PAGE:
Forty-year-old Kavitha (pseudonym) was gripped by panic when she learnt she was pregnant for the sixth time. What made her most fearful was that she was ill-equipped to support and sustain yet another child, for she toiled as a domestic worker without sufficient income, living with a husband whose employment was casual and insecure, and within these means, already taking care of five children.
Nineteen-year-old Nuwanthi (pseudonym) had a similar reaction when she found out she was pregnant. She and her partner had been relying on withdrawal (known as “coitus interruptus”) as a way of preventing pregnancy. Following the news of their pregnancies, pressure mounted within their relationships and put immense strain on them both. They began to fight like they never did before and Nuwanthi reports how she now had an added fear of separation with her partner. The entire experience rattled her as she’d never felt so nervous by situations that seemed out of her control.
The experiences of Nuwanthi and Kavitha reflect those of many women around Sri Lanka – those who are faced with unintended pregnancies which often occur due to the fact that they and/or their partners are not using a suitable and effective form of contraception.
With restrictive laws on abortion (which result in women covertly seeking services that can be expensive beyond their means and can sometimes be unsafe), a lack of quality ‘comprehensive sexuality education’ in school curricula and cultural and religious norms that preclude constructive and informative discussions on family planning, individuals are often denied key facets of their sexual and reproductive health and rights (SRHR).
History of family planning in Sri Lanka
Family planning as defined by the World Health Organisation (WHO) allows people to attain their desired number of children and determine the spacing of pregnancies, and is achieved through the use of contraceptive methods and treatments of infertility (or rather, subfertility). The regulated, well-managed planning and implementation of family planning programmes aim at ensuring individuals are informed of the availability of family planning methods, where to obtain them, potential side effects and other possible methods they could use if the ones they used were not suitable.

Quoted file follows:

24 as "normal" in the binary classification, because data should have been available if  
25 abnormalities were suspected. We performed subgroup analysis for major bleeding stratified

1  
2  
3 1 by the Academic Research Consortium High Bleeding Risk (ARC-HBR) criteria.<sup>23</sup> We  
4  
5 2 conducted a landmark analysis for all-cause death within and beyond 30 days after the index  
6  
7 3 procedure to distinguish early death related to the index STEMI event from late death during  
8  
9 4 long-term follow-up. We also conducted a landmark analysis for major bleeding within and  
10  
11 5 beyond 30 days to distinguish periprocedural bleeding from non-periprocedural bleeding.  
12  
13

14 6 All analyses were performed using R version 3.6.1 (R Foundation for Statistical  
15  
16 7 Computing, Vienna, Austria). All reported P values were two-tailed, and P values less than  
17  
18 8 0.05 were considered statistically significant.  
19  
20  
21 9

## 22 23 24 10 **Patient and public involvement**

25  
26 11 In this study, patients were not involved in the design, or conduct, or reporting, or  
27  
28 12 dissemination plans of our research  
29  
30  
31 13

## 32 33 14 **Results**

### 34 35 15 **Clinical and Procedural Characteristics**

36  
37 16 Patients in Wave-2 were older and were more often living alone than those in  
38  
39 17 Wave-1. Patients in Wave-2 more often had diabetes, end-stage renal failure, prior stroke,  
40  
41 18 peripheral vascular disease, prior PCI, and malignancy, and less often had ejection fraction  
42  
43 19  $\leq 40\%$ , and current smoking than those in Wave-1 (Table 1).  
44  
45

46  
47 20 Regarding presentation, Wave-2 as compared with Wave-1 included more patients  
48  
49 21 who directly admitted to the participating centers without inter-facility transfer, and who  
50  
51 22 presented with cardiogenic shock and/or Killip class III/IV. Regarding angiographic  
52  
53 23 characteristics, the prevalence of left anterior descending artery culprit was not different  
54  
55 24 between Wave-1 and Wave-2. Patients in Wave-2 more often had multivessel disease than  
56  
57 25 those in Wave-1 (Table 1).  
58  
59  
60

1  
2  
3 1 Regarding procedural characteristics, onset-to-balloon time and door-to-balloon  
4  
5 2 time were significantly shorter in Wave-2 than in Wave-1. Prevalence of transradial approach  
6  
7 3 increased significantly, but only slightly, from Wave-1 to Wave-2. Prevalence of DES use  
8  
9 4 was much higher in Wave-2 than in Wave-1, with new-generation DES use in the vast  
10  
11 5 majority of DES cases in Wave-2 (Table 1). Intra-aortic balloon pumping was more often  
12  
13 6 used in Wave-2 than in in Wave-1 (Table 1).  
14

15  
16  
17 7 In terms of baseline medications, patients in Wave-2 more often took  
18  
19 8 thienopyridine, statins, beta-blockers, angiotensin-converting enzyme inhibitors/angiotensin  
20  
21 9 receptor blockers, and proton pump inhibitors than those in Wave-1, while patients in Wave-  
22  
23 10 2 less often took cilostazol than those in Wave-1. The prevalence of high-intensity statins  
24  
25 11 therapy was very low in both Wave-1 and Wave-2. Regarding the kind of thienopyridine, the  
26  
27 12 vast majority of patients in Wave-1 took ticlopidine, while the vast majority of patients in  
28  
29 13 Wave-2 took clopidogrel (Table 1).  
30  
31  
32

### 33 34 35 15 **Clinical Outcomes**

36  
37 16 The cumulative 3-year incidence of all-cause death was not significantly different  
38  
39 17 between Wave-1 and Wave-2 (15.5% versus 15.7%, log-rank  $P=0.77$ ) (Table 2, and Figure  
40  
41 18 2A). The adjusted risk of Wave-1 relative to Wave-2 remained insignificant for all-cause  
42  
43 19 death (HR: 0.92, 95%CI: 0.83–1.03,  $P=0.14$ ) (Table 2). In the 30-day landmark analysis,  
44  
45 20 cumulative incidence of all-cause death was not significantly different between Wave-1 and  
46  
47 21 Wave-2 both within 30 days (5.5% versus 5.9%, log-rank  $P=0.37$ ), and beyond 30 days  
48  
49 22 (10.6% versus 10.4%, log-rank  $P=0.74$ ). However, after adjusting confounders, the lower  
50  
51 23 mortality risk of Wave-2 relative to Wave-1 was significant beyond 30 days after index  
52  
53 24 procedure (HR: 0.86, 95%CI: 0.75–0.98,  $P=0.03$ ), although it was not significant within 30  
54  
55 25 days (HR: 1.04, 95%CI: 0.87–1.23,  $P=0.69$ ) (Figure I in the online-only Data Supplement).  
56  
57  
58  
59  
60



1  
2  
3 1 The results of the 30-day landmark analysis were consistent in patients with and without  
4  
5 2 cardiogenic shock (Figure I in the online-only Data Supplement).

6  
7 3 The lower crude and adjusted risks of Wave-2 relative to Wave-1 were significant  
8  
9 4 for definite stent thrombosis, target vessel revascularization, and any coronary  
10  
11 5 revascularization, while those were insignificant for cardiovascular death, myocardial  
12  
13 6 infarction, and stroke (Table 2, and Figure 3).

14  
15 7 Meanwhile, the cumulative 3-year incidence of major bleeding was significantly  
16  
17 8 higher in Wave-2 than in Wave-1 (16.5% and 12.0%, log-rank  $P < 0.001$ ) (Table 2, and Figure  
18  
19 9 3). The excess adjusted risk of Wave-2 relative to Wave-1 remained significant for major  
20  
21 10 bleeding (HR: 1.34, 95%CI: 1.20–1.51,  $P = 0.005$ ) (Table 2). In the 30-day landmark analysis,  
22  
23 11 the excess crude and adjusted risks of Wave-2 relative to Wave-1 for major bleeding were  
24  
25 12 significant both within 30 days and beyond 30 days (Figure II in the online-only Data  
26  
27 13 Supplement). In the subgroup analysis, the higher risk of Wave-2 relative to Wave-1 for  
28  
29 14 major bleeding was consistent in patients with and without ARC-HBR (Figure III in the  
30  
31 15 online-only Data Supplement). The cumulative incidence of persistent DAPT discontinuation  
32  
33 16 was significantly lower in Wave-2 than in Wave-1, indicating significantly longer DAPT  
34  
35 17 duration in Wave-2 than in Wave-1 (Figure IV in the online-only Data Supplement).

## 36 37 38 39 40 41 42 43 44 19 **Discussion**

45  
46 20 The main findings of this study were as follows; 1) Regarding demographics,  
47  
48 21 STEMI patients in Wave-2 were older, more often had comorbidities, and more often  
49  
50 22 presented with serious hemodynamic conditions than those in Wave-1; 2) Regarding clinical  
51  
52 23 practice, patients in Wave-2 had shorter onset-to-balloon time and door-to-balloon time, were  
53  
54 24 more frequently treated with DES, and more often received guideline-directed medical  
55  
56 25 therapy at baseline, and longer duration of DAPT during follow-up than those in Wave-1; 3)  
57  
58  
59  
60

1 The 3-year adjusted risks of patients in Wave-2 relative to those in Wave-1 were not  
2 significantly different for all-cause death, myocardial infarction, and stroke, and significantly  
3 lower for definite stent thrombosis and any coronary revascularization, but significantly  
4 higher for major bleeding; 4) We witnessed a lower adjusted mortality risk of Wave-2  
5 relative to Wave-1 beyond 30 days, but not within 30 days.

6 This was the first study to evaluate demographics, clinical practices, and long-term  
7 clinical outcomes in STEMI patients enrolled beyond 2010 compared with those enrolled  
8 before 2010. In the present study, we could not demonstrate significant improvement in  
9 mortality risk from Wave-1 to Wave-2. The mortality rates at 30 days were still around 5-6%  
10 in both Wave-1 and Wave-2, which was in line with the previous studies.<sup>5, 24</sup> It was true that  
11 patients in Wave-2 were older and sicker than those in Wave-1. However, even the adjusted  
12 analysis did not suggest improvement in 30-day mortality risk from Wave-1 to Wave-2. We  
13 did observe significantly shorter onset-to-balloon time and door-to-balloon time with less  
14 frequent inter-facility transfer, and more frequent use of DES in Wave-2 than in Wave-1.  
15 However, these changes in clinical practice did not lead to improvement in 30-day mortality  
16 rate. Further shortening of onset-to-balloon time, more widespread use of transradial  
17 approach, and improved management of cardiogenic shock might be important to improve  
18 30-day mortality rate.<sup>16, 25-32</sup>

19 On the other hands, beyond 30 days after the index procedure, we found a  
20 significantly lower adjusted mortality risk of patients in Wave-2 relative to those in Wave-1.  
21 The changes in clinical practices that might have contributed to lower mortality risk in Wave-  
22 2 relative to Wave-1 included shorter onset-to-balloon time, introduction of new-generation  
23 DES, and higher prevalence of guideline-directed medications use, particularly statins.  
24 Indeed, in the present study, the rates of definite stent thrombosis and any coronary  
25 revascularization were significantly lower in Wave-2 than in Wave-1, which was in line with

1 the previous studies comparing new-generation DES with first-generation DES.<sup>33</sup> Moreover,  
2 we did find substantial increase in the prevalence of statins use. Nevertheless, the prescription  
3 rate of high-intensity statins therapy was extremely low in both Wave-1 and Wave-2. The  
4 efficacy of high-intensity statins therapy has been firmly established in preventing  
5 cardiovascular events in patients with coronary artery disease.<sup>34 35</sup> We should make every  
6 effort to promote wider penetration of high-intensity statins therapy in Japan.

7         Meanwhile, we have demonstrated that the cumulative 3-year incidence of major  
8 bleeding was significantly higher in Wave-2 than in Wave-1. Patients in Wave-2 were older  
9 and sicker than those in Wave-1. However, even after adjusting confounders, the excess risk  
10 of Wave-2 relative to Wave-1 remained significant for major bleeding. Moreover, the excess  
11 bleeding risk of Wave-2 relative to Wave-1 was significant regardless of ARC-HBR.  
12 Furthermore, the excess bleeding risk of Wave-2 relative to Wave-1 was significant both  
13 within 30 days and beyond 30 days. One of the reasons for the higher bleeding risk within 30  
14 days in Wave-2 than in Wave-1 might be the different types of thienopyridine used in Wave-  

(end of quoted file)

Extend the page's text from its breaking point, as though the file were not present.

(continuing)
It is undeniable that contraceptive methods use has historically been imposed forcibly and exploitatively in a range of contexts worldwide. Research done on the subject has identified socially and politically disadvantaged groups such as racial and ethnic minorities (often of low-income) as targets of forced sterilisation programmes. In Sri Lanka, financial incentives had (from 1979) been used for sterilisation, yet this was discontinued and does not exist today. Following the 1994International Conference on Population and Development (ICPD), Sri Lanka was seen to have shifted from a demographically-driven approach to family planning to one based on human rights and ensuring that the needs, aspirations and circumstances of each woman and of couples were met.
In the Sri Lankan context, family planning has historically been identified as an integral component of maternal and child healthcare services. The first family planning clinic in the country was reported to have been established in 1932 by Dr. Mary Ratnam, yet was abandoned during World War II. In 1953, services resumed through the Family Planning Association and were integrated into the State sector’s maternal and child healthcare programme. In 1968, the Health Ministry established the Family Planning Bureau which was later renamed the Maternal and Child Health Bureau, and in 1972, took the name Family Health Bureau which remains to this day.
Preventing and/or delaying pregnancies: Contraceptive method usage
Contraceptive methods are typically classified into traditional (natural) and modern (artificial). Modern methods include oral contraceptive pills, Depot Medroxy Progesterone Acetate (DMPA) injection, Intrauterine Devices (IUDs), hormonal implants, female and male condoms, male and female sterilisation and emergency contraceptive pills. Traditional methods include withdrawal (coitus-interruptus), abstinence, Standards Day method (previously known as having sex within the “safe period”), Basal Body Temperature (BBT) method, Cervical Mucus(Billings) method and Lactational Amenorrhoea method. These are considered less-effective and less-reliable than modern methods because the scope of human error is large.